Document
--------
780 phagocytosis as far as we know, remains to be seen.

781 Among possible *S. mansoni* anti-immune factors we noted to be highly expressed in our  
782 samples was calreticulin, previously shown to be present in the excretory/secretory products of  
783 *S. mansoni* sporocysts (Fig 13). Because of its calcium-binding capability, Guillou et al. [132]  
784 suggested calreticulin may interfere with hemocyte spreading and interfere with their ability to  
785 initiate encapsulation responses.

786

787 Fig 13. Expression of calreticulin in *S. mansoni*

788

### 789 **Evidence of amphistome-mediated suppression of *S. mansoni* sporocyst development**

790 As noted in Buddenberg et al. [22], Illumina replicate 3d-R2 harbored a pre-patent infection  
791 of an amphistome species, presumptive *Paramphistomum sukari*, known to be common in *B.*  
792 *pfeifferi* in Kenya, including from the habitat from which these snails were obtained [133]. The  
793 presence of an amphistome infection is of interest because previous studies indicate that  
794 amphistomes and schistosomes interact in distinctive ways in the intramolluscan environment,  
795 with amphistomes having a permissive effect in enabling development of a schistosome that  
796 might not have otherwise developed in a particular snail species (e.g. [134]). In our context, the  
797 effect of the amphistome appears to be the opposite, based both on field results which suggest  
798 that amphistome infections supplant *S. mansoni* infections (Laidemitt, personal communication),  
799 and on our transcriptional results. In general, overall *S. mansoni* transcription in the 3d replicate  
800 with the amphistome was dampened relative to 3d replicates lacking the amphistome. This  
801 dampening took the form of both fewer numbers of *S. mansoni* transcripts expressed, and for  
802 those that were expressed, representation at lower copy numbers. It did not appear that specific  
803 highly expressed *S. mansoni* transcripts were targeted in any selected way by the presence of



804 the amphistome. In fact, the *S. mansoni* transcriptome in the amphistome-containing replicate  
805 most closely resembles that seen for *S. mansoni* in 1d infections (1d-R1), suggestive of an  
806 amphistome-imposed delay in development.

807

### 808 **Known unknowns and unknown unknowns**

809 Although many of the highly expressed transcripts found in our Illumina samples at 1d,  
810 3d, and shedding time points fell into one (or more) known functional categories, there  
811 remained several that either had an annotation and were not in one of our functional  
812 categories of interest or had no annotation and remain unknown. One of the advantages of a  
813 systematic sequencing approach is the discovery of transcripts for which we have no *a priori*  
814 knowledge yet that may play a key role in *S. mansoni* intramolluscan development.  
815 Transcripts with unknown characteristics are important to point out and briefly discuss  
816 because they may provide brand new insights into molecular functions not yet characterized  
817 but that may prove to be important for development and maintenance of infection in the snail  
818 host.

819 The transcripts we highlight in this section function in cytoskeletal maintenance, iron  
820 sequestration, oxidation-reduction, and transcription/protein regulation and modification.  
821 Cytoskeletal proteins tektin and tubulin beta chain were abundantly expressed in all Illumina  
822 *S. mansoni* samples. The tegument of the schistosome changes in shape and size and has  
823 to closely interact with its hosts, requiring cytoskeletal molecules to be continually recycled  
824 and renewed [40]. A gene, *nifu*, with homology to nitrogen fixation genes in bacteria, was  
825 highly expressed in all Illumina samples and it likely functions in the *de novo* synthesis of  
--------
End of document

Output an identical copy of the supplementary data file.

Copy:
780 phagocytosis as far as we know, remains to be seen.

781 Among possible *S. mansoni* anti-immune factors we noted to be highly expressed in our  
782 samples was calreticulin, previously shown to be present in the excretory/secretory products of  
783 *S. mansoni* sporocysts (Fig 13). Because of its calcium-binding capability, Guillou et al. [132]  
784 suggested calreticulin may interfere with hemocyte spreading and interfere with their ability to  
785 initiate encapsulation responses.

786

787 Fig 13. Expression of calreticulin in *S. mansoni*

788

### 789 **Evidence of amphistome-mediated suppression of *S. mansoni* sporocyst development**

790 As noted in Buddenberg et al. [22], Illumina replicate 3d-R2 harbored a pre-patent infection  
791 of an amphistome species, presumptive *Paramphistomum sukari*, known to be common in *B.*  
792 *pfeifferi* in Kenya, including from the habitat from which these snails were obtained [133]. The  
793 presence of an amphistome infection is of interest because previous studies indicate that  
794 amphistomes and schistosomes interact in distinctive ways in the intramolluscan environment,  
795 with amphistomes having a permissive effect in enabling development of a schistosome that  
796 might not have otherwise developed in a particular snail species (e.g. [134]). In our context, the  
797 effect of the amphistome appears to be the opposite, based both on field results which suggest  
798 that amphistome infections supplant *S. mansoni* infections (Laidemitt, personal communication),  
799 and on our transcriptional results. In general, overall *S. mansoni* transcription in the 3d replicate  
800 with the amphistome was dampened relative to 3d replicates lacking the amphistome. This  
801 dampening took the form of both fewer numbers of *S. mansoni* transcripts expressed, and for  
802 those that were expressed, representation at lower copy numbers. It did not appear that specific  
803 highly expressed *S. mansoni* transcripts were targeted in any selected way by the presence of



804 the amphistome. In fact, the *S. mansoni* transcriptome in the amphistome-containing replicate  
805 most closely resembles that seen for *S. mansoni* in 1d infections (1d-R1), suggestive of an  
806 amphistome-imposed delay in development.

807

### 808 **Known unknowns and unknown unknowns**

809 Although many of the highly expressed transcripts found in our Illumina samples at 1d,  
810 3d, and shedding time points fell into one (or more) known functional categories, there  
811 remained several that either had an annotation and were not in one of our functional  
812 categories of interest or had no annotation and remain unknown. One of the advantages of a  
813 systematic sequencing approach is the discovery of transcripts for which we have no *a priori*  
814 knowledge yet that may play a key role in *S. mansoni* intramolluscan development.  
815 Transcripts with unknown characteristics are important to point out and briefly discuss  
816 because they may provide brand new insights into molecular functions not yet characterized  
817 but that may prove to be important for development and maintenance of infection in the snail  
818 host.

819 The transcripts we highlight in this section function in cytoskeletal maintenance, iron  
820 sequestration, oxidation-reduction, and transcription/protein regulation and modification.  
821 Cytoskeletal proteins tektin and tubulin beta chain were abundantly expressed in all Illumina  
822 *S. mansoni* samples. The tegument of the schistosome changes in shape and size and has  
823 to closely interact with its hosts, requiring cytoskeletal molecules to be continually recycled  
824 and renewed [40]. A gene, *nifu*, with homology to nitrogen fixation genes in bacteria, was  
825 highly expressed in all Illumina samples and it likely functions in the *de novo* synthesis of  